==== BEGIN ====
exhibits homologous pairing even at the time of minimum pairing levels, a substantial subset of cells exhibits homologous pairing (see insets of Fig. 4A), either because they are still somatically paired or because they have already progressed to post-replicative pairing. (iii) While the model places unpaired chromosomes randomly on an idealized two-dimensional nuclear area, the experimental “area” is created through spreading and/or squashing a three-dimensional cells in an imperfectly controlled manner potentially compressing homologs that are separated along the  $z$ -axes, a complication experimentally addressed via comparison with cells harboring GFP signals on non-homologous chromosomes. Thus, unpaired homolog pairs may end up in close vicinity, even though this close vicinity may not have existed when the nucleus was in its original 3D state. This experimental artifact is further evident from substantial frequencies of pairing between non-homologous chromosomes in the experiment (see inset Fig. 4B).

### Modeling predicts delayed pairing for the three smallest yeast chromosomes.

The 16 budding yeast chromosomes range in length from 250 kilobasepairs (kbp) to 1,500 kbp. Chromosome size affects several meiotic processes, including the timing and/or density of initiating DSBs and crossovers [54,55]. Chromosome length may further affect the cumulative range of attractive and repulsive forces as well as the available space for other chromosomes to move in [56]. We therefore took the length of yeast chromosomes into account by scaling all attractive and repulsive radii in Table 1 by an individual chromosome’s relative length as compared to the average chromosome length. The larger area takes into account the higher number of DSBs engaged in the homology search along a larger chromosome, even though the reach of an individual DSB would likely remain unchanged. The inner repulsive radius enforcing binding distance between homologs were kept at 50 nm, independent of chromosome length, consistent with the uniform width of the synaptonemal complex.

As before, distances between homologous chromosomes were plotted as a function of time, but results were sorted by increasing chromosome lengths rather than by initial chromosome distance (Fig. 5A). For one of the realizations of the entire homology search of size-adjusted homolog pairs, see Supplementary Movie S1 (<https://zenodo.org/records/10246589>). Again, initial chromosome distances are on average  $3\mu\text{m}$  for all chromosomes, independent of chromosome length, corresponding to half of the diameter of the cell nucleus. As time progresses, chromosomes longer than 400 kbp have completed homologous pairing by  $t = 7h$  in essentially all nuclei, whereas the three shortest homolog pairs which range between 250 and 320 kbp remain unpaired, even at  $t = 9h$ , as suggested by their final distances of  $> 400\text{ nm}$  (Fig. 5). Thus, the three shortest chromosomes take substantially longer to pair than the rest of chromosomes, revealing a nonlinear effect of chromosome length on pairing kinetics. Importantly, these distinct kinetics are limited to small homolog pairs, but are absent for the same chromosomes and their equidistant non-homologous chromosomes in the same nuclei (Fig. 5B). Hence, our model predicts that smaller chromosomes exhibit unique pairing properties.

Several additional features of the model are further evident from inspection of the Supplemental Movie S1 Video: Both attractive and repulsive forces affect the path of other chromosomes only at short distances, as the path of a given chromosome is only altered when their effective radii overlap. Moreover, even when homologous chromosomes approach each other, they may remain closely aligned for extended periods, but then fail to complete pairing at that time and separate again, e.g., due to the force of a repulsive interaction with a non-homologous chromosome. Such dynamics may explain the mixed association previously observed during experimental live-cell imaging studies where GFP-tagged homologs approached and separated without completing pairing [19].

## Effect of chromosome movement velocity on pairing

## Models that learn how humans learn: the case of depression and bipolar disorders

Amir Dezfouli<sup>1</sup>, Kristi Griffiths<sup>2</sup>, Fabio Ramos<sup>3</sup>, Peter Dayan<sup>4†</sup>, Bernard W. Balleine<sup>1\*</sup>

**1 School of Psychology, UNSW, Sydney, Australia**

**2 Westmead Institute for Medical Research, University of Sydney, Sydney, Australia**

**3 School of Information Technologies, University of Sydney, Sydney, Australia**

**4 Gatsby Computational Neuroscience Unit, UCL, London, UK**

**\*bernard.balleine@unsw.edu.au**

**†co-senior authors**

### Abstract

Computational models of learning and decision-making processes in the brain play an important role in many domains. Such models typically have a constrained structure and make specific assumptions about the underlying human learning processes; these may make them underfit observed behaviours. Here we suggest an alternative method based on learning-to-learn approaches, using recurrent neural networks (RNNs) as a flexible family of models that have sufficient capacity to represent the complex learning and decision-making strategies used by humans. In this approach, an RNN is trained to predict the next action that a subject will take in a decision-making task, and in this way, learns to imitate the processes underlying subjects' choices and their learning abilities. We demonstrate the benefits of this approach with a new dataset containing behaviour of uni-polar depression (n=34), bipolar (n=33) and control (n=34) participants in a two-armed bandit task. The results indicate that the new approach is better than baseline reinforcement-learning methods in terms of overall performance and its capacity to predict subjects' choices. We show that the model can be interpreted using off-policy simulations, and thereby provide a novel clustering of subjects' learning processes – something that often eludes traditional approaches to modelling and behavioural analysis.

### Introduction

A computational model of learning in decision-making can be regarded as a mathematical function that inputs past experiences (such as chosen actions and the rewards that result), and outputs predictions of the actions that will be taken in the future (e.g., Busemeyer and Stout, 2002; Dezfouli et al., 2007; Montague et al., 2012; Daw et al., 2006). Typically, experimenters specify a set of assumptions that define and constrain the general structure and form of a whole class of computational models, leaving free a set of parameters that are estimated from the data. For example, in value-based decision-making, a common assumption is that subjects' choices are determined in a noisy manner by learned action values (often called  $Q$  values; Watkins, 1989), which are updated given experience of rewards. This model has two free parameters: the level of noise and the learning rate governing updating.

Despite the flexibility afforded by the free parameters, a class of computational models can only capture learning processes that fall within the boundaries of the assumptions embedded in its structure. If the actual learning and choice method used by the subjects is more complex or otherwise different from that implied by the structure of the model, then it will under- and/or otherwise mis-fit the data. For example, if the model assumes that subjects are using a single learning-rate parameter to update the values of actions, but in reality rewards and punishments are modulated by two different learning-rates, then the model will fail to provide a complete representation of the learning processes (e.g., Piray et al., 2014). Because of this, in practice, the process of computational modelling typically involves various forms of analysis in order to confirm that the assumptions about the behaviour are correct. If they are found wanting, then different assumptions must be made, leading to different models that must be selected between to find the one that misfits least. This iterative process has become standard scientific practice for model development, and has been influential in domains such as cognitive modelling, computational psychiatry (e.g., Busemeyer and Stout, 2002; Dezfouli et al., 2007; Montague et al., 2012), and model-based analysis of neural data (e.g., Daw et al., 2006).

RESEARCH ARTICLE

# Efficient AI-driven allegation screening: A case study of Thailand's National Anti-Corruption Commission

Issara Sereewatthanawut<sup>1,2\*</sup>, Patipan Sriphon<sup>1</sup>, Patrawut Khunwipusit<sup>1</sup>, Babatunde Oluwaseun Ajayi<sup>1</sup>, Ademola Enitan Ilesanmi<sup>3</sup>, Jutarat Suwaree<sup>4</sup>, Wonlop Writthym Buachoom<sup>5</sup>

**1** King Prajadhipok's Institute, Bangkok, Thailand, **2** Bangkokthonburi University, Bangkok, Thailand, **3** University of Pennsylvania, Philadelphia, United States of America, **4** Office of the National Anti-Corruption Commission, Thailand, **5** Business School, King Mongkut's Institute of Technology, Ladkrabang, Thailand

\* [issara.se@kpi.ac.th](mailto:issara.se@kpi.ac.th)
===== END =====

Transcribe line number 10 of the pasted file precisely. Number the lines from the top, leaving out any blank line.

**2 Westmead Institute for Medical Research, University of Sydney, Sydney, Australia**